By Melissa Brooks
Disney princesses, princes, and villains have evolved over time because of our changing culture. These cultural changes can be seen in the way Disney characters have evolved over time, a change demonstrated through the characteristics of the princesses, princes, and villains in Disney movies.
The first three princesses created by Disney were Snow White (1937), Cinderella (1950), and Aurora (Sleeping Beauty, 1959). These princesses were characterized by beauty, passiveness, and submissiveness. Their beauty caused the princes to fall in love with them immediately. Snow White and Aurora exhibited passiveness; they waited to be awakened by true love’s kiss. Cinderella exhibited submissiveness to her stepmother and stepsisters; she did not go against them until her fairy godmother convinced her to go to the ball.
The princes of these movies were characterized as being active, brave, and adventurous. They were the rescuers who fought the villain and saved the princess. They were adventurous and traveled, which is how the princes met Aurora and Snow White in the woods.
The villains of these movies were women who were characterized as being assertive, ambitious, prideful, powerful, and independent of men. Which means that, at that time, these qualities were undesirable in women, so women with these qualities were evil.
As a result, the characteristics attributed to the different types of characters gave children, especially girls, the message that good women were submissive and let men take care of them, whereas women that were ambitious and independent were bad. This mentality worked with the culture of the time.
Another point worth making is the importance beauty played in these movies. Girls were being taught that their physical beauty was their most prized possession and crucial quality, so that they could eventually get married.. The movies also taught girls that marriage depended on beauty and that marriage would always come at the end, which reinforced the belief that girls should get married. In the movies, the princesses were chosen by the princes, which took away from the woman’s freedom of choice. Girls were taught to be passive and dependent on a man. And the importance given to beauty, eventually caused anxiety, especially if other girls were perceived as being more beautiful than others, which in turn created feelings of jealousy and self-consciousness. Competition between girls rose; girls were constantly trying to outdo other girls in terms of physical appeal and attractiveness, and marriage became every girl’s desire.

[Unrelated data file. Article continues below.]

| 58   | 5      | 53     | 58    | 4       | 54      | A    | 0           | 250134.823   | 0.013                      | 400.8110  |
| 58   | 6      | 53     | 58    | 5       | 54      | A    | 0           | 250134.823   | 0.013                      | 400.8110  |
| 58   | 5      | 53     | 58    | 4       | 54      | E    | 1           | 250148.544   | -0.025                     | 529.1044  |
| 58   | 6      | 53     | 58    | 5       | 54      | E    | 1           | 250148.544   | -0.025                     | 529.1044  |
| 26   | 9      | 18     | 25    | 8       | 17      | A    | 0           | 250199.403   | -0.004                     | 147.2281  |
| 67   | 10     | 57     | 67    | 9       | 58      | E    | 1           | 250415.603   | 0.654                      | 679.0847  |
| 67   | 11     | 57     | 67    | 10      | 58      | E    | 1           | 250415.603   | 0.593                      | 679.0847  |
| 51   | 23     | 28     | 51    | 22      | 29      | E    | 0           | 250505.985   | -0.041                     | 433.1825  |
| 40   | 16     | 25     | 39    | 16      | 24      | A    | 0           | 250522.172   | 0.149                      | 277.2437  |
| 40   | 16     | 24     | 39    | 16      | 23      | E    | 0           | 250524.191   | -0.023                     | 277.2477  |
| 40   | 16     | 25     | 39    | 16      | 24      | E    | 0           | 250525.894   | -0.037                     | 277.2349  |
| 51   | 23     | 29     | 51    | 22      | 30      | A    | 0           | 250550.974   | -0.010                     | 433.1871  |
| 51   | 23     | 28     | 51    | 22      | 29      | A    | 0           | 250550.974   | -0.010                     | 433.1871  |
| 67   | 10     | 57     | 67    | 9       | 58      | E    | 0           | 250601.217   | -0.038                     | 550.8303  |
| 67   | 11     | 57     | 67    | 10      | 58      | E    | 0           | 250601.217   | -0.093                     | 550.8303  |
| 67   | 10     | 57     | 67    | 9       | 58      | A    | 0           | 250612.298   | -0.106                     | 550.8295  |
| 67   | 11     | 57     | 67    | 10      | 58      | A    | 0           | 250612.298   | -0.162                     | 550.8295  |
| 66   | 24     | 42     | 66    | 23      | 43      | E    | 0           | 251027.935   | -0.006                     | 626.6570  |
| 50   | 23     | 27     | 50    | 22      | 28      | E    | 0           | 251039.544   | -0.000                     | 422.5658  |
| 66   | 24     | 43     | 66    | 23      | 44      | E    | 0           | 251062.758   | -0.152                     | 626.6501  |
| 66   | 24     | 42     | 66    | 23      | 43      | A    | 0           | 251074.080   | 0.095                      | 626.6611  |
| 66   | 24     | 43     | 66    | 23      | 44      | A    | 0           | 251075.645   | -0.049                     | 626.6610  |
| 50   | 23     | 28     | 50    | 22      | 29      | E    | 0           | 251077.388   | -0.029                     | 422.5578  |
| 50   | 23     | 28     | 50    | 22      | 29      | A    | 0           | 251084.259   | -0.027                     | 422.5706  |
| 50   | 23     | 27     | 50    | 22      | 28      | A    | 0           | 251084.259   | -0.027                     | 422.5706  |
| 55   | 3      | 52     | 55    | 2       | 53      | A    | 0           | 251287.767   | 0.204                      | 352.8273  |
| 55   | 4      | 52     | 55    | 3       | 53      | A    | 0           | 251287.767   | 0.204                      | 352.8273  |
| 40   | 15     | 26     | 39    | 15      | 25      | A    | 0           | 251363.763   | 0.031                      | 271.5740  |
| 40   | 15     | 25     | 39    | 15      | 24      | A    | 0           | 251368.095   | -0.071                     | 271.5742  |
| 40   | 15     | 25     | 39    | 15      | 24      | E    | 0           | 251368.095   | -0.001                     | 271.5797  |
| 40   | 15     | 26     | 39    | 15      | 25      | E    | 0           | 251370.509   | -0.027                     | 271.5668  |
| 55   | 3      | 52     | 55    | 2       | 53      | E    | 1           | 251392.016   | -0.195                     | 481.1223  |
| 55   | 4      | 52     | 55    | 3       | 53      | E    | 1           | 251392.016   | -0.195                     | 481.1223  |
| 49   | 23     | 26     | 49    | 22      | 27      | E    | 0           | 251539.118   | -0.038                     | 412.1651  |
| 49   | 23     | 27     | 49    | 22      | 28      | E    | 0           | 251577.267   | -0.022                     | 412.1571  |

Disney’s Renaissance of the 90’s showed progress in the characterization of the princesses, however.
The princesses of Disney’s Renaissance were Ariel (Little Mermaid, 1989), Belle (Beauty and the Beast, 1991), Jasmine (Aladdin, 1992), Pocahontas (1995), and Mulan (1998). By the time these princesses came around, the country had gone through the Civil Rights Movement, seen the rise of feminism, and had gone through the Reagan Era. These events led to the princesses of this time period being more active and independent. However, the conservatism of the Reagan Era caused the princesses to still follow gender norms. There continued to be a prince or hero that needed to rescue and save the princess, except in Mulan and Pocahontas; they saved the male characters at times.
New characters and events created more diversity, which led to the inclusion of Mulan, Pocahontas, and Jasmine. In 1997, a live-action Cinderella was made that included Asian and Black actors, with Cinderella being Black and the prince being Asian. The princes and heroes were of less importance in these movies. They didn’t need to take care of the princesses, however the movies still ended with the marriage of the prince and princess.
In these movies, most of the villains were male. The female villains were in The Little Mermaid and the live-action Cinderella. A new message was being sent to young girls; women no longer had to rely on men and could be independent and ambitious.